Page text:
The Shimano Ultegra (6770 SS) has a topsy-turvy history:
- It was released, with great fanfare, as Shimano's first 'affordable' Di2 racing derailleur. Everybody that I knew in the industry was convinced it was a game-changer that was assured of runaway success.
- Then it somehow fell flat. Despite being 'affordable' it was extremely expensive and was selling into an economy that was still struggling its way out of the 'Credt Crunch'. And the derailleur itself was heavy, clunky and somehow a touch ungainly, with its fat-ass look. Bikes fitted with the 6770 were proving sticky to sell.
- Then, as the launch of the 11-speed Shimano Ultegra (6870 SS) loomed into view, everyone panicked. Suddenly the market was awash with special offers, and even special models, in a desperate attempt to shift the 10-speed 6770 groupsets before they were obselete. This proved to be exactly what the market wanted, customers did want Di2, but just could not afford it at the original prices. The new price was perfect, and surprisingly few people cared about the one sprocket difference.
- But the 6770, as a first generation product, did not prove quite as reliable as Shimano's regular fare. And buyers of the discounted bikes did not prove quite as lovingly careful as buyers paying the eye-wateringly expensive regular price. And so demand for replacement Ultegra 6770's started to grow. And there was a problem - everyone had cleared their stock. Shimano had also not quite thought things through. There were no acceptable substitutes for the 6770, certainly the Shimano Ultegra (6870) was utterly incompatible. You needed a 6770 derailleur or you had to throw away your whole 6770 Di2 set up.
- And so it came to pass that the Shimano 6770 derailleur became one of the most sought after derailleurs in the world, with nice examples fetching astronomical prices on ebay.
- Outraged consumers bombarded Shimano with vitriolic criticism, but initially Shimano had no answer. They had moved on from the electric motors in the 6770 and could not source any more. Finally they devised a new 10 speed derailleur, the Shimano Ultegra (6770-A SS), by fitting the mechanical elements of the 11-speed Shimano Ultegra (6870) with new electronics that turned it into a 10-speed.
The whole sorry saga does illustrate an important point. In the world of mechanical groupsets it has long been appreciated that part of the product designer's art lies in the striking of a delicate balance between two factors. On the one hand, groupsets genuinely work best if all the elements are tightly designed for each other with extremely specific chains, sprockets, levers, cables and derailleurs. But on the other hand, utterly exclusive groupsets cause no end of problems as, if even one component becomes unavailable, the whole groupset becomes unusable. And so the designers accept a few compromises and you can usually use a Shimano 105 level chain with a Shimano Ultegra groupset etc. etc..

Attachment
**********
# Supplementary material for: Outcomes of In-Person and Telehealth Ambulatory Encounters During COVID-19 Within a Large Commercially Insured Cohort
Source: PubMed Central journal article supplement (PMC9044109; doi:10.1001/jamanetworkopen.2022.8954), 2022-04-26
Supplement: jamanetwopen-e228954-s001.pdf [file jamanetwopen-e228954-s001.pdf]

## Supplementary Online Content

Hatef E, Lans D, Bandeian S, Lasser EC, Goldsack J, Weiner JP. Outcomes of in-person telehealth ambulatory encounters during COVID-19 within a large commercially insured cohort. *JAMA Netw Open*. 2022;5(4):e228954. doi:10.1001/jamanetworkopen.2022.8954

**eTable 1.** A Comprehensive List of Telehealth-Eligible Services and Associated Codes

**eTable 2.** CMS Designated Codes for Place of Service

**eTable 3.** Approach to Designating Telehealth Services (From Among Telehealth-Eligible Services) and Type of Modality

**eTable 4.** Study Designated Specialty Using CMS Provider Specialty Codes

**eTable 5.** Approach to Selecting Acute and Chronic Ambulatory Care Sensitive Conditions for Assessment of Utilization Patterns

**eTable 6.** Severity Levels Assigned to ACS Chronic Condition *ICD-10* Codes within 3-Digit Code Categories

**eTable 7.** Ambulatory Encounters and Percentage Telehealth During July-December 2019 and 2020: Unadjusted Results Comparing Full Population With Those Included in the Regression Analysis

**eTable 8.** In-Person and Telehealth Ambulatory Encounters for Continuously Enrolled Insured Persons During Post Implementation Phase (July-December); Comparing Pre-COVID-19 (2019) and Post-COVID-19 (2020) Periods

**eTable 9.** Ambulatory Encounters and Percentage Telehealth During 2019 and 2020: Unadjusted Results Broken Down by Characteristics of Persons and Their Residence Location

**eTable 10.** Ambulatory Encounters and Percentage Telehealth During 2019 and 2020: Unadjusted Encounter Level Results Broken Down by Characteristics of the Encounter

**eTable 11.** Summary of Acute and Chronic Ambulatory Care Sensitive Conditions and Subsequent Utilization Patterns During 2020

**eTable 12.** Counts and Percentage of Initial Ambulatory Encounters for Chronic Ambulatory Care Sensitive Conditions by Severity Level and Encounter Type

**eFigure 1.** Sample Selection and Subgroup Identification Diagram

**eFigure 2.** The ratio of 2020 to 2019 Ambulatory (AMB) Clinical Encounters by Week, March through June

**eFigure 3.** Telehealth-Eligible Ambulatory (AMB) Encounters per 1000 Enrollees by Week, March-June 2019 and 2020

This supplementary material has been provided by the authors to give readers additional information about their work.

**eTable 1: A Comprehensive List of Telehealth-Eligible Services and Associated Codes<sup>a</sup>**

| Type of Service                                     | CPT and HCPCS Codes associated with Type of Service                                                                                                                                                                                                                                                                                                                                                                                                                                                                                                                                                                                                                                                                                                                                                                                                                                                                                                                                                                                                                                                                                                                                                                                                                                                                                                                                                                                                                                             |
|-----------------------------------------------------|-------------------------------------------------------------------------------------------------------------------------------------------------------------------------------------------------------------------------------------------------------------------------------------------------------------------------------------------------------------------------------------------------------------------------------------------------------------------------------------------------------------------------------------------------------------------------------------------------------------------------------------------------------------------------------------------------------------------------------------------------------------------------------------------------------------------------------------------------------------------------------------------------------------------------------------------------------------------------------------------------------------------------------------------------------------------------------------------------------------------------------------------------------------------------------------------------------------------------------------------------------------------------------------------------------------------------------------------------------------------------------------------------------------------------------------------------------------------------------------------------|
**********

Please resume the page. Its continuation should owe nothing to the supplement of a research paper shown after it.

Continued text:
The arrival of electronics makes this problem more acute. Electronic systems are evolving very quickly, so maintaining any kind of backwards-compatibility risks compromising the performance of new systems. But the highly integrated nature of these systems means that not maintaining backwards-compatibility risks alienating some of your highest value customers. My guess is that Shimano is betting that most early electronic gear consumers will just dispose of their bikes after a few years and move onto a new one - reducing the value of backwards-compatibility. I would bet that, in Britain at least, they may be reading this wrong. In my experience, even the most driven equipment junkies like to sell their 'old' bikes for a healthy price - and this is not going to happen if the bike is essentially un-repairable. It's going to be an interesting few years.
- Derailleur brands: Shimano
- Categories: Shimano - the Ultegra story
- Themes: Electric Avenue
- Country: Japan
- Date of introduction: 2011 (for the 2012 model year)
- Date of this example: September 2012 (two letter date code 'KI' on foil sticker on b-knuckle)
- Model no.: 6770 SS
- Weight: 272g
- Maximum cog: 28 teeth (source: Shimano)
- Total capacity: 33 teeth (source: Shimano)
- Pulley centre to centre: 56mm
- Index compatibility: 10 speed
- Chain width: 3/32”
- Logic: top normal/electronic
- B pivot: sprung
- P pivot: sprung
- Materials: largely aluminium with steel inner parallelogram linkage and a carbon p-knuckle